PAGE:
Module Specifications

Module Requirements: 

  • A module must feature one or more modular ends, modular ends come in two types – see diagram.
    • 18” wide Single track module end – Width of the modular end must be 18”, a single track must be mounted centrally (track centre line 9” from either side) at 90 degrees to the modular end and must continue for 6” straight from the module end. (The 6” of straight track ensures that no S-bends are created by combining two modules, there will always be a foot of straight track between opposing curves on a main line.)
    • 20” wide Double track module end – Width of the modular end must be 20”, two tracks must be mounted at 9” from the nearest side, and 2” track centres. The tracks must be at 90 degrees to the module end and continue for 6” straight from the module end. (The double-track module end allows for longer passing sidings to be created on the single track by combining modules)
  • Module-sets need to be individually self supporting and not ‘lean’ on an adjacent module.
  • The end-piece of the module needs to be constructed with sufficient strength to accept the adjacent module being C-Clamped to it.
  • At modular ends: Top of rail above ground must be 45” – legs must allow for a ½” variance in either direction by using adjustable feet.
  • DCC track bus is connected by 4mm banana plugs (see diagram)
  • Modules with more than one modular end should feature at least one designated ‘main’ track that connects the modular ends together.
  • Main tracks, or any other tracks designed to be used by through trains must have a minimum of 36” minimum radius curves and #6 turnouts. Spurs and industry tracks must be 24” minimum radius and can use sharper turnouts.
  • Main line tracks must be code 83 (we use Peco as it’s now easy to obtain in the UK) – spurs and sidings that do not cross module ends can use smaller rail.
  • Scenery at module ends must be roughly flat with no features (such as roads, rivers or track other than the modular tracks) crossing modular joints.
  • Scenery at module ends should include a strip of greenery to disguise the module joint.

 Module Recommendations. 

  • Minimum curve and point specs are minimums. Your trains will look better on larger curves, and if you are building a module with a curved main line then adding transition curves will be very beneficial to smooth operations.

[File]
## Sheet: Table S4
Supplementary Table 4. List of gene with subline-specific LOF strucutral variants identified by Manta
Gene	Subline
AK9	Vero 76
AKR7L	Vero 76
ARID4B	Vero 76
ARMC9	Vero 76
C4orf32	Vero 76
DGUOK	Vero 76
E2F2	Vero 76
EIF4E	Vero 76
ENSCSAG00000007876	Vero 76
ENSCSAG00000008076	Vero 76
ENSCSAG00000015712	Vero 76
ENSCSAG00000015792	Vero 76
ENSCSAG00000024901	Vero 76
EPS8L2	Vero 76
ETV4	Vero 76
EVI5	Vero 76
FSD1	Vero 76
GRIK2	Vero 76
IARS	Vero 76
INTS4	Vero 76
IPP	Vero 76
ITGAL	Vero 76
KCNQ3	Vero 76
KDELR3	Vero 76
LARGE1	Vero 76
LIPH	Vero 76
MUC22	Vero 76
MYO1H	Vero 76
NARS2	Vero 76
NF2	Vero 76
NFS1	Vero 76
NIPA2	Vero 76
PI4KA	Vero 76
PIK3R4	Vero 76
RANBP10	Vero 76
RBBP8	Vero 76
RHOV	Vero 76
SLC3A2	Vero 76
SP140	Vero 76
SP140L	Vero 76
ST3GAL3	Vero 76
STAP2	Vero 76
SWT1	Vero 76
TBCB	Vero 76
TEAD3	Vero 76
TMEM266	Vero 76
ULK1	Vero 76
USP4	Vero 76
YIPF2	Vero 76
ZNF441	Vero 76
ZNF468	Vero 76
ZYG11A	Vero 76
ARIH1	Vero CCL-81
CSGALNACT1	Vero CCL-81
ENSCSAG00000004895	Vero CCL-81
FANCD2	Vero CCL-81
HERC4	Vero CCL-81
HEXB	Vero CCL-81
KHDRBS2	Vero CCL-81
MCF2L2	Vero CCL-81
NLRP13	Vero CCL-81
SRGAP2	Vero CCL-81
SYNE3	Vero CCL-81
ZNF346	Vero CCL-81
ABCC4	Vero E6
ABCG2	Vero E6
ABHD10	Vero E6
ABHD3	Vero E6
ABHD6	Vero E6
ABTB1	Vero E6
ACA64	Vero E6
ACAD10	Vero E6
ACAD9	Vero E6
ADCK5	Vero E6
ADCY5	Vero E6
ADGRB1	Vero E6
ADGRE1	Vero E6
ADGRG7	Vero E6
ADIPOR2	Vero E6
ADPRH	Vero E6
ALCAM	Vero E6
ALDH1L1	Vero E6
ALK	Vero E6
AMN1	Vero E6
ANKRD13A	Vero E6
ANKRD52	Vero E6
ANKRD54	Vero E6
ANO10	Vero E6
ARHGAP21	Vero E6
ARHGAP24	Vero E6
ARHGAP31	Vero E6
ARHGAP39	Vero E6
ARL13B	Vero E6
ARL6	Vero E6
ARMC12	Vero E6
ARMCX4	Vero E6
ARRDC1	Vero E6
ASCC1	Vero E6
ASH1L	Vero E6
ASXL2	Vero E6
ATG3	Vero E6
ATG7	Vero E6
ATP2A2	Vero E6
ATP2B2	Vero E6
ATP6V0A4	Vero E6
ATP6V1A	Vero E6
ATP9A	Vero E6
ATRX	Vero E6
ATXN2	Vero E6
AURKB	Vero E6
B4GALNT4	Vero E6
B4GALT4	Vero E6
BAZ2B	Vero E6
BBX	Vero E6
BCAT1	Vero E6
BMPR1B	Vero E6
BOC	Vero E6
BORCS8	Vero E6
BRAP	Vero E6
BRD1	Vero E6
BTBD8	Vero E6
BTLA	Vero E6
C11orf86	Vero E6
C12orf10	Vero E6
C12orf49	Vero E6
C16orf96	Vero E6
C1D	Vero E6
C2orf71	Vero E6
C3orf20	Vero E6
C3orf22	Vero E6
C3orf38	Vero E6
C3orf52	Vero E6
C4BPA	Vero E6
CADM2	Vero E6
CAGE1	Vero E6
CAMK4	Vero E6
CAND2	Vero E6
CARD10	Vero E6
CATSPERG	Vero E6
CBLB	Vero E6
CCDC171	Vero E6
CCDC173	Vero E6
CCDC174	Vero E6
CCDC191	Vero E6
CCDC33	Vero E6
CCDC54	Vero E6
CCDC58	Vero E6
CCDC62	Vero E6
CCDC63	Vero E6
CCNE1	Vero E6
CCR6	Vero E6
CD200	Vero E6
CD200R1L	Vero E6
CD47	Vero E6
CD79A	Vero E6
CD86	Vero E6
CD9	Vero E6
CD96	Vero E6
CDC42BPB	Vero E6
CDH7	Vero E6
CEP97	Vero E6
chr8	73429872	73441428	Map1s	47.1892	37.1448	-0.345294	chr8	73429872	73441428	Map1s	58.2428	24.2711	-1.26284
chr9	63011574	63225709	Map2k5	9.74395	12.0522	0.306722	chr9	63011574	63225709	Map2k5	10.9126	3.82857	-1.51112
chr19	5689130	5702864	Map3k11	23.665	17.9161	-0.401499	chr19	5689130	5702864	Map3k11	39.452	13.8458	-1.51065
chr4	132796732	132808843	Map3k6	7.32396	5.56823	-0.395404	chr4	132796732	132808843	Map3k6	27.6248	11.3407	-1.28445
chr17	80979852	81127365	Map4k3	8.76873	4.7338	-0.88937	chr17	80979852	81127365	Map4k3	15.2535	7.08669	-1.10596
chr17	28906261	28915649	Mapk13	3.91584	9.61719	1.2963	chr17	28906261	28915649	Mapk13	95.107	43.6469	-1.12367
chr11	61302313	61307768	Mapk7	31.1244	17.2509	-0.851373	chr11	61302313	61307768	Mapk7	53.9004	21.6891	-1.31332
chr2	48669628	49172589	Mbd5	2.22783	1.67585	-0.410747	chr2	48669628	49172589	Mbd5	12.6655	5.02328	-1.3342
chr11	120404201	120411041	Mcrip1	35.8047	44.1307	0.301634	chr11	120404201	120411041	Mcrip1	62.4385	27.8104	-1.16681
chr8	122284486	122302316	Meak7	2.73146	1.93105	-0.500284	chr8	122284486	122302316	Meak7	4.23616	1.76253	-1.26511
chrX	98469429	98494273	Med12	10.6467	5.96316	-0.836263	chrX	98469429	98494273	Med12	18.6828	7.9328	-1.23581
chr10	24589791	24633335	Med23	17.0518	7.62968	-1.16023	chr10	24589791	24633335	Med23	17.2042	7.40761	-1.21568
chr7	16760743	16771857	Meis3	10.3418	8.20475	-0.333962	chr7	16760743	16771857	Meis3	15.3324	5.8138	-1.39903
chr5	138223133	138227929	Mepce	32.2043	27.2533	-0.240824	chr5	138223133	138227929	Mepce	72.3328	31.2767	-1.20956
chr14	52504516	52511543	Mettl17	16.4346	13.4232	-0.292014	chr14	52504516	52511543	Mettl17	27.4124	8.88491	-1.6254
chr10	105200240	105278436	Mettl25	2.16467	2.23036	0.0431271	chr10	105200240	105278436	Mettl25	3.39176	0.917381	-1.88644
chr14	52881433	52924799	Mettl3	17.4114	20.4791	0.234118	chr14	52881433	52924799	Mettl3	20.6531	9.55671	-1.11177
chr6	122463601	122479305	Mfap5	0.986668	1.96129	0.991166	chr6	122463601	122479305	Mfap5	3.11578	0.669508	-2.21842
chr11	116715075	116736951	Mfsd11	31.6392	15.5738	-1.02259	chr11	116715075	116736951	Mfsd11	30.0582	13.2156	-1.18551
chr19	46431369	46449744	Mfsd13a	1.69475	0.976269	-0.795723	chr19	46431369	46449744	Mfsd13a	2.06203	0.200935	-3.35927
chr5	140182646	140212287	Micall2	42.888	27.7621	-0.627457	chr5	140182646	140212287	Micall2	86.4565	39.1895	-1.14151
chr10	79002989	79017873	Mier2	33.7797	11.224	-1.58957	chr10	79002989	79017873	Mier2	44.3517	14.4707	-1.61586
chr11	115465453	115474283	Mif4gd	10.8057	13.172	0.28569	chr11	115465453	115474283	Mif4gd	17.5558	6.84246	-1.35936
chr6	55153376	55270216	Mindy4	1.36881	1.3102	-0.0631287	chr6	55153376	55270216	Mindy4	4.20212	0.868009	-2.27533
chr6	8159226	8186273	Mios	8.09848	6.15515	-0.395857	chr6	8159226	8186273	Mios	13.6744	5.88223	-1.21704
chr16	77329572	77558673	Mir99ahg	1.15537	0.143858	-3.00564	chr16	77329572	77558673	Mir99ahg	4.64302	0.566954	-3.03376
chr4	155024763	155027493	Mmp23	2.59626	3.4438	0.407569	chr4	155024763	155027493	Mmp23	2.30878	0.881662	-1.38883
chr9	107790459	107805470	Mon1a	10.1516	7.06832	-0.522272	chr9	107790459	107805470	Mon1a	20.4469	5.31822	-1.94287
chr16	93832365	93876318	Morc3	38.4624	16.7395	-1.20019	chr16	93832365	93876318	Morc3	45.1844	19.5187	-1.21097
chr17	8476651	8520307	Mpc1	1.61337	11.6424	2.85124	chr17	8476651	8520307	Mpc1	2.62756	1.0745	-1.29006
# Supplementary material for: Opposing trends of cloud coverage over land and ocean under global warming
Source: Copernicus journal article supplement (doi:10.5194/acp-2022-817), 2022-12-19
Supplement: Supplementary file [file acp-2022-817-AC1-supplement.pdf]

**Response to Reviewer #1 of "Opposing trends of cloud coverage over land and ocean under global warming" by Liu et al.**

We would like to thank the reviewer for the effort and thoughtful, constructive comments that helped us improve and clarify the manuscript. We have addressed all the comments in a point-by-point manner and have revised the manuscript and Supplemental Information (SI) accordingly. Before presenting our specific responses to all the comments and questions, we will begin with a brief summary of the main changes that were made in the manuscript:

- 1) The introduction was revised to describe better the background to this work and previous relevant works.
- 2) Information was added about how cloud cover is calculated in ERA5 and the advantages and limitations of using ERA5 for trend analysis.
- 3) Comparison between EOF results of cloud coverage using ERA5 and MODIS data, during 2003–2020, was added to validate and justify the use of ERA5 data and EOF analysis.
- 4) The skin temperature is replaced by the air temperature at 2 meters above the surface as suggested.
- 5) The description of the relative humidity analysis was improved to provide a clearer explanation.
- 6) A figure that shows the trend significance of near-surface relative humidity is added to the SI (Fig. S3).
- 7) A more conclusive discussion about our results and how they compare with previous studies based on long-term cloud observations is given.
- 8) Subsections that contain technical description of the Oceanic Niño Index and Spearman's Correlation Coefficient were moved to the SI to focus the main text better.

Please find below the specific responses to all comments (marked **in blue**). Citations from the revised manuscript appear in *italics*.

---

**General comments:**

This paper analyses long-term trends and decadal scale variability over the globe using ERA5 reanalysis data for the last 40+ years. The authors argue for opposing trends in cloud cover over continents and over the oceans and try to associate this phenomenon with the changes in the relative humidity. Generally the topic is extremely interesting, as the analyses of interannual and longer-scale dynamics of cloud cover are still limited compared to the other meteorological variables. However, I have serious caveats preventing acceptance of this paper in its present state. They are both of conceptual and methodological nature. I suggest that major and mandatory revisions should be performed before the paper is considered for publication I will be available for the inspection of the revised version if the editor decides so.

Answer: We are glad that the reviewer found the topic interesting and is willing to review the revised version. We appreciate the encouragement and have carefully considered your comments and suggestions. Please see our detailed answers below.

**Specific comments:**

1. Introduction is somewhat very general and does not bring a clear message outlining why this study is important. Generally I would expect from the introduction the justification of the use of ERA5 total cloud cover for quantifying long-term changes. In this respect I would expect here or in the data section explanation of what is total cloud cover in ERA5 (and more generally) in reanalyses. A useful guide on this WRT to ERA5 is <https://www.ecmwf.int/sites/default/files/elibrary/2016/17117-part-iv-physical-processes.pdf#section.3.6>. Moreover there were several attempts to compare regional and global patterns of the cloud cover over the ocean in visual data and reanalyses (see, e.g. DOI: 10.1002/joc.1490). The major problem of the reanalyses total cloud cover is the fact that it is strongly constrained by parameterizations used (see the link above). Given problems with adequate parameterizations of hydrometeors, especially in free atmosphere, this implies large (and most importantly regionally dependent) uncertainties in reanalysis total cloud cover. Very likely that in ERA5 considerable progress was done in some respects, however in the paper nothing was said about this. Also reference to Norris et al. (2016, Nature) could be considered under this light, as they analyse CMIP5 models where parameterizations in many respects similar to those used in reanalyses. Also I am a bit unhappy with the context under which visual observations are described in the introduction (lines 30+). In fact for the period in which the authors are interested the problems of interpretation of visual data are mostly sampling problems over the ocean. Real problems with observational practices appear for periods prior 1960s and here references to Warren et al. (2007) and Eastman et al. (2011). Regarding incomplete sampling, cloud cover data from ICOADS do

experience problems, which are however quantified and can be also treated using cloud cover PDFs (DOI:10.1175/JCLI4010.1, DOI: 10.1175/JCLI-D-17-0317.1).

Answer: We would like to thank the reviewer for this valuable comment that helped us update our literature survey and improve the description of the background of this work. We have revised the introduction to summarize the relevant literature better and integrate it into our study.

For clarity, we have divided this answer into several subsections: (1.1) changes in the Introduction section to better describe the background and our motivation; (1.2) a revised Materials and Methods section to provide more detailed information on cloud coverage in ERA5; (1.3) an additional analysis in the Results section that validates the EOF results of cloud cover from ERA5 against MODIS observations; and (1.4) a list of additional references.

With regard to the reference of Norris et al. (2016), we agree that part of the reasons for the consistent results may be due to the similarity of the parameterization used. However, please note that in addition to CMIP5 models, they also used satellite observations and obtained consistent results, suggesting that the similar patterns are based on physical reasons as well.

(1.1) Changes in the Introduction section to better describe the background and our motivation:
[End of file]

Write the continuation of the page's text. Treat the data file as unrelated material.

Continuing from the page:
• Be creative in your designs, follow a prototype’s curvature or add a junction or interchange.

 Notes: 

  • There is no requirement for modules to be a specific width other than at the modular end.
  • There is no restriction on making curved modules apart from the minimum radius requirements and the need for a 6” straight at module ends.
  • There is no requirement for modules to be a specific length.
  • A module can contain any number of baseboards, and the internal baseboard joints in a module do not have to conform to modular specs.
  • Backscenes are optional – they do look nice on single-sided scenes but the centred track allows for modules to be connected in either direction, allowing for a curved module to become a left-hand or right-hand curve on the layout.
  • For info – if folk want to match our group uses Dulux Highland Falls -1 as a fascia colour.

Module End Diagram (click on the image to view):

Module End Diagram

Module Wiring (click on the image to view):

Module Wiring Diagram

The only requirement for wiring is for the DCC track bus, which consists of one wire for each pole crossing the board joint – some notes on the diagram:

  • Colour coding is shown only for clarity – boards can be connected either way round so the two rails cannot actually be reliably colour-coded.
  • We recommend (shown dotted on the diagrams) a bus wire to be run from one end connector to the other end(s) of your module – this will help with power transfer and ensure that a dodgy rail joint does not switch off every module ‘downstream’ of it!
  • You may add a connection into the DCC track bus to connect your own DCC system when it’s not being used on a larger layout.

 Other electrical issues: 

Pointwork needs to be controlled locally by your chosen method. Either through switch-machines controlled by a mini-panel (you will need to arrange your own power supply for this) or manually via push-rods or switch levers. If your points are manual please arrange electrical switching to make the frogs live.

 There is no requirement to build in a DCC control bus (such as Lenz X-Bus) – the reasoning behind this is that these modules could potentially be used on a layout running any NMRA-DCC system. There is nothing stopping you adding a bus and controller plug in panels for your own system – they will just be bypassed if the module is being used in a setup controlled by a different system.